There’s no better way to consume soursop then in a beverage, some may disagree with to me but this is my preferred method. Growing up in a Caribbean household in the UK meant we had the luxury of being exposed to a blend of British and Caribbean delicacies. In terms of Caribbean fruit some of our favourites included mangoes, june plum (golden apple), guava, pineapple, coconut, guineps, paw paw, sweetsop, jackfruit, tamarind and soursop.
These were just a few of the exotic fruit that we had on rotation. I felt like the luckiest girl in the world albeit exotic fruit was very expensive to purchase via import. Nevertheless, it was worth paying the additional charge just to eat such amazing fruit.
Soursop contrary to the name is not one of those extra sour fruit so please don’t be deterred by its name, rather it’s a combination of sweet with a very subtle hint of sour taste. Some people describe the flavour as an admixture of strawberry and pineapple but I strongly disagree, soursop has it’s own unique flavour which isn’t akin to any fruit known.
The flesh is a porcelain white pulp with black seeds which bears the thick consistency of a whipped banana (think vegan banana ice cream). The pulp is used in a variety of ways and often comes in handy for making ice-cream, sorbet or a thick punch like this recipe.
You can also make smoothies, nectar, candy, a drink etc.. soursop is native to the tropical climate countries i.e Caribbean, Latin America, Asia so the list is endless in terms of what you can do with the fruit. High in vitamin and minerals and famous for it’s anti cancer properties soursop is a true health benefit fruit.
Soupsop punch is a cold and creamy beverage that is suitable to drink throughout the entire year. Each island/individual has their own way of perfecting the punch. For instance, some add a hint of spice (nutmeg and cinnamon) while others omit the use of spices and opt for angostura bitters with essence and milk.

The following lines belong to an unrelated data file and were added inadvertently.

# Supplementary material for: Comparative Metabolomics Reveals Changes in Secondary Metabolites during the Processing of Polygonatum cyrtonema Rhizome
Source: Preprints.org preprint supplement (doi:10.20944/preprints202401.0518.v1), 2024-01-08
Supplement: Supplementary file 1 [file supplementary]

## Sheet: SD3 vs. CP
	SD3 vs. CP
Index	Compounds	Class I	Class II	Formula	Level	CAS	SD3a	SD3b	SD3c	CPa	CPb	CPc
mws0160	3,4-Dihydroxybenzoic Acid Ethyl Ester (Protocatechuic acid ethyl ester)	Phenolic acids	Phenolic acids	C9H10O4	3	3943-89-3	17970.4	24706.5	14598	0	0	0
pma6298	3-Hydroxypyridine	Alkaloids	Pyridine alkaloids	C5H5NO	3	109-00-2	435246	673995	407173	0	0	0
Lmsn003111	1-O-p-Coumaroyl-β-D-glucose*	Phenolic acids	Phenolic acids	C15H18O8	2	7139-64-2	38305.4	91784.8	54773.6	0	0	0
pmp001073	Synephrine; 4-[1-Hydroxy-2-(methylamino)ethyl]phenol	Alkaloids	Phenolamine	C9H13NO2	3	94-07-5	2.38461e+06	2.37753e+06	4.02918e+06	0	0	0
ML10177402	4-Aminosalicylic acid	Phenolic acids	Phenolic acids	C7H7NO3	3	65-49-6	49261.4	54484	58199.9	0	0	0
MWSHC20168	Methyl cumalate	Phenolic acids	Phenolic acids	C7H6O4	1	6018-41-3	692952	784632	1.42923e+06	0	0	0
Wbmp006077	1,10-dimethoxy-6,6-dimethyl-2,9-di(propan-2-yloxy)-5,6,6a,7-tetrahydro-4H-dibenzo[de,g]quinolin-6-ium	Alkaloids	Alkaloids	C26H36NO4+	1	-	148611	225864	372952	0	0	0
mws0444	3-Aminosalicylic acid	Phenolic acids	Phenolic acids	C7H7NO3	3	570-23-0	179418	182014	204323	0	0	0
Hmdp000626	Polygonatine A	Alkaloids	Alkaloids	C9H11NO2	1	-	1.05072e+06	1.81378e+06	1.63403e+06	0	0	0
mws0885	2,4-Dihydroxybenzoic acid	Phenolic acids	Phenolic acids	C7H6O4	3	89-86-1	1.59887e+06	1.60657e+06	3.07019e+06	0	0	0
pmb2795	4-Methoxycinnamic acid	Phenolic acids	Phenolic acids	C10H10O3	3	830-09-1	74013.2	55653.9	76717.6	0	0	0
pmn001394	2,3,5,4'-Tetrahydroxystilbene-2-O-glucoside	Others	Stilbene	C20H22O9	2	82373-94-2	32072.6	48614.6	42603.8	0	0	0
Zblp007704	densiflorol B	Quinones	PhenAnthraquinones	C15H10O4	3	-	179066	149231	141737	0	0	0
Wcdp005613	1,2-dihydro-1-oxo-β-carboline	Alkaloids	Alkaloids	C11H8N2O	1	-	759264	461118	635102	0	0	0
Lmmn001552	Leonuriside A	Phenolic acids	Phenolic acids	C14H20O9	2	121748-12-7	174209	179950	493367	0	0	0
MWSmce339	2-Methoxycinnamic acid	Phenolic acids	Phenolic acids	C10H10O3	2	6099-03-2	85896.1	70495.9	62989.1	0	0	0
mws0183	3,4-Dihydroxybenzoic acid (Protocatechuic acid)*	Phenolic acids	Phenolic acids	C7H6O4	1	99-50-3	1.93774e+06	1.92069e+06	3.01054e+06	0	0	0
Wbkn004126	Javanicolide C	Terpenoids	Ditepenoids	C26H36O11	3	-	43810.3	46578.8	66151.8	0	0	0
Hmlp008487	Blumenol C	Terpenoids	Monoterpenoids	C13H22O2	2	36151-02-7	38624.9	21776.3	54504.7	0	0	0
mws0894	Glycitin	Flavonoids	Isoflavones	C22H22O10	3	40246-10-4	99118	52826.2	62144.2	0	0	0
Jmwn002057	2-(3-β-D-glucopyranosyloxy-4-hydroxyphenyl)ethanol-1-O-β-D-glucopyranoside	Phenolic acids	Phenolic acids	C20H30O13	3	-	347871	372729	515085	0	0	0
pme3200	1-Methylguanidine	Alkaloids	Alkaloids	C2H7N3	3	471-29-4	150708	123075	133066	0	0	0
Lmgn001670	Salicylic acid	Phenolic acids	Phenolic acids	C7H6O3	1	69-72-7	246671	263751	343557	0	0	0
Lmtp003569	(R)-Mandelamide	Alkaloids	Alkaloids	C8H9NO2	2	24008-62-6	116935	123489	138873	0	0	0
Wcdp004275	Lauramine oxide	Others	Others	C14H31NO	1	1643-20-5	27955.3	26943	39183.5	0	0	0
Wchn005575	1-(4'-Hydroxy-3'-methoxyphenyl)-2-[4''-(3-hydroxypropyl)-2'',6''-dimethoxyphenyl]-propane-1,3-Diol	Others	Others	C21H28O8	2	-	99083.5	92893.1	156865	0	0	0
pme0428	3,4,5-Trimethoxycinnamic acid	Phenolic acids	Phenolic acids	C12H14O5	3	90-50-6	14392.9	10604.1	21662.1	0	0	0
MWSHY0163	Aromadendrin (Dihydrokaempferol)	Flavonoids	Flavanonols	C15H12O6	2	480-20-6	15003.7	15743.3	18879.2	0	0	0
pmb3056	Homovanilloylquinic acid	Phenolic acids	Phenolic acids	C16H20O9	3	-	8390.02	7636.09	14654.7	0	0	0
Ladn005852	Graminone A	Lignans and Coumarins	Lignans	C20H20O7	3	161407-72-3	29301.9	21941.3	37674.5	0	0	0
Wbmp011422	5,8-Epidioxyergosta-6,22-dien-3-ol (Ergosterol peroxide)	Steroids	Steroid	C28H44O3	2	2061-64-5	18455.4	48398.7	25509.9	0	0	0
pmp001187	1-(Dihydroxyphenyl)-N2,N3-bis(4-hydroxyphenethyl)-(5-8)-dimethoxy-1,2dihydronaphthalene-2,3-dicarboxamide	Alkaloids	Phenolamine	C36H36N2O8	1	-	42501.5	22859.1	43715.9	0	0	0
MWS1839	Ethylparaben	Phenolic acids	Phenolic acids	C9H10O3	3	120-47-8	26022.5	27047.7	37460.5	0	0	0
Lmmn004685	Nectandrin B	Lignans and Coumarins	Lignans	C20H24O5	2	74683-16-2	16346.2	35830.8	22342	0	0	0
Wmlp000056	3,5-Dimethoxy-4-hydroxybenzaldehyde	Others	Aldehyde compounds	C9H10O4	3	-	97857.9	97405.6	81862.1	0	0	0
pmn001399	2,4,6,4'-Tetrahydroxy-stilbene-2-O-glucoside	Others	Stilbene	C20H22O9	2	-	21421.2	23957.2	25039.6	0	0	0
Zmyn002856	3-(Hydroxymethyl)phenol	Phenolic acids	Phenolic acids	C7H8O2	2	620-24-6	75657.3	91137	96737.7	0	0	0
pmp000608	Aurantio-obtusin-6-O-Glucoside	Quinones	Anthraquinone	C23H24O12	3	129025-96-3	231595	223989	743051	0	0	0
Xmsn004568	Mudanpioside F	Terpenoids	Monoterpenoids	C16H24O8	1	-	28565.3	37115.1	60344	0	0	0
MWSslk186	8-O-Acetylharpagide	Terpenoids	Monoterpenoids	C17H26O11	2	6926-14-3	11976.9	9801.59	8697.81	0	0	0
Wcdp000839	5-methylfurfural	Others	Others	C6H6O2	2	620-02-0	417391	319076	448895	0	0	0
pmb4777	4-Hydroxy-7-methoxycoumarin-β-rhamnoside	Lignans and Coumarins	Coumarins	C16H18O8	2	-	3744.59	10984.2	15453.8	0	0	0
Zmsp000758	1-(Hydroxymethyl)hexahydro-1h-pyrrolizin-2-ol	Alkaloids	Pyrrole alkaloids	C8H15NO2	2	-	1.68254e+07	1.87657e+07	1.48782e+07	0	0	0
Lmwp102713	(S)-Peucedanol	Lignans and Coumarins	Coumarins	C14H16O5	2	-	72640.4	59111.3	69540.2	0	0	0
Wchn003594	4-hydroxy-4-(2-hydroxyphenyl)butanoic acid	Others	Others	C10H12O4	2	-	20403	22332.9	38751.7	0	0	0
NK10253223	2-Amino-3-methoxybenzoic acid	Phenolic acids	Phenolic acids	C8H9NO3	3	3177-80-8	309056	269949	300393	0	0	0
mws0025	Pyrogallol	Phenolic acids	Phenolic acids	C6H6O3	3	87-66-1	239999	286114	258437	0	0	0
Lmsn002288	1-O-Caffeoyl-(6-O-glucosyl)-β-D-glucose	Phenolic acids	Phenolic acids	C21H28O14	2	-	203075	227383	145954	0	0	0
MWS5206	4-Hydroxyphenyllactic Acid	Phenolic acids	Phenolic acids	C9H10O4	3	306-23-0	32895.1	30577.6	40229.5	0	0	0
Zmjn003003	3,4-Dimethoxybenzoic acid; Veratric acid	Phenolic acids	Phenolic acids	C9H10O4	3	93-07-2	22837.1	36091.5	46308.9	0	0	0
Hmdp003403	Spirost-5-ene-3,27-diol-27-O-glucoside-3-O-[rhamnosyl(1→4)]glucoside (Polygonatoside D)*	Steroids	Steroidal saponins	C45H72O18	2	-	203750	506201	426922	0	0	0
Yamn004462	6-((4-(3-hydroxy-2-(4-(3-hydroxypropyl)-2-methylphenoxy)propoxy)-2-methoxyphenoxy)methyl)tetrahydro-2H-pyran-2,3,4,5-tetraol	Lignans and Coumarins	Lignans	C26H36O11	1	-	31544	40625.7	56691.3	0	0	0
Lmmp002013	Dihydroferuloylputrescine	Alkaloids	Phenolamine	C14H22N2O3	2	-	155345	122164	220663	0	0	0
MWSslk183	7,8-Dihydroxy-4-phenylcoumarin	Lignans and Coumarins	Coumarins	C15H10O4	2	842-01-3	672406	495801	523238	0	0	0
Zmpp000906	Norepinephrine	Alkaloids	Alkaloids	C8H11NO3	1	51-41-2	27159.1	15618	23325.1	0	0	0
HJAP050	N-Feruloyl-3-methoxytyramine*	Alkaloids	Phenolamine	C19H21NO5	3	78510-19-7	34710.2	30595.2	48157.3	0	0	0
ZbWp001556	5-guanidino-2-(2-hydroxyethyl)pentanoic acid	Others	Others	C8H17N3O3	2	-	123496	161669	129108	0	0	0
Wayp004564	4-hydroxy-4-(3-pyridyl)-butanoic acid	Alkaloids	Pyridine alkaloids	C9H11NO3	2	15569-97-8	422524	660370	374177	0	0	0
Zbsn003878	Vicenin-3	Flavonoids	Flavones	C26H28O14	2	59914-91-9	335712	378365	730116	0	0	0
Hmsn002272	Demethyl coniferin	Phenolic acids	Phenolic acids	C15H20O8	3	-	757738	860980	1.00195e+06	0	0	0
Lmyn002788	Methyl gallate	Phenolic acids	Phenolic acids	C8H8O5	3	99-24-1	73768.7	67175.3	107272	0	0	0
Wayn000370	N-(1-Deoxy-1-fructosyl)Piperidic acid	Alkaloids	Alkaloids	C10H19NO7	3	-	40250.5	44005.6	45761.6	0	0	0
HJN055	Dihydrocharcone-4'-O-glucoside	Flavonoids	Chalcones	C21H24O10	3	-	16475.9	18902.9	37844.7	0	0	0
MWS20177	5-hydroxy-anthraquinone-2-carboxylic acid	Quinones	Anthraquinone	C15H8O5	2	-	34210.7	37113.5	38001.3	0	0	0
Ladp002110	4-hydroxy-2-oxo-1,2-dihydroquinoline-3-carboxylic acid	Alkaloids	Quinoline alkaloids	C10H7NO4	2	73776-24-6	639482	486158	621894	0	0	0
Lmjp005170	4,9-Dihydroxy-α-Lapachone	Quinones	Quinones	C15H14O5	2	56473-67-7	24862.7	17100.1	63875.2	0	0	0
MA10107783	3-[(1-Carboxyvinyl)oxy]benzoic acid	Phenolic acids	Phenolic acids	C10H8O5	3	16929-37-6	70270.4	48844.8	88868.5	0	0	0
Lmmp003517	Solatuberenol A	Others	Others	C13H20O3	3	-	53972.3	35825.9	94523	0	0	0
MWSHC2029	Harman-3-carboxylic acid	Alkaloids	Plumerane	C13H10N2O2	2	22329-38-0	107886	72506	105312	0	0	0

My version of soursop punch is flavoursome, thick and more importantly easy to digest due to the use of plant based milk. I will forewarn you that the removal of the seeds from the pulp is somewhat time consuming, like 10 minutes. You can do this using a knife or with the extra help of your fingers. Some people pour the pulp in a strainer and add water then use the back of a spoon to separate the seeds from the pulp, while this method is effective, be mindful of loosing some of the pulp which creates that extra thick consistency.
Recipe for the homemade condensed coconut milk
- 1 large soursop, peeled
- 2½ cup of almond milk
- 1 jar of condensed coconut milk (see post)
- 1 tsp vanilla extract
- ¼ tsp nutmeg
- ½ tsp cinnamon
- Cut the peeled soursop lengthways into two halves.
- Use a knife to discard the thick stalk running down the middle of the fruit.
- Cut the flesh into small pieces using the same knife to pluck out the black seeds. Feel free to use your fingers if preferred. This process should take approximately 10 minutes to complete.
- Place the thick pulp into a high speed blender followed by the almond milk, vanilla, nutmeg, cinnamon and homemade condensed coconut milk.
- Blitz into a smooth thick consistency
- Serve accordingly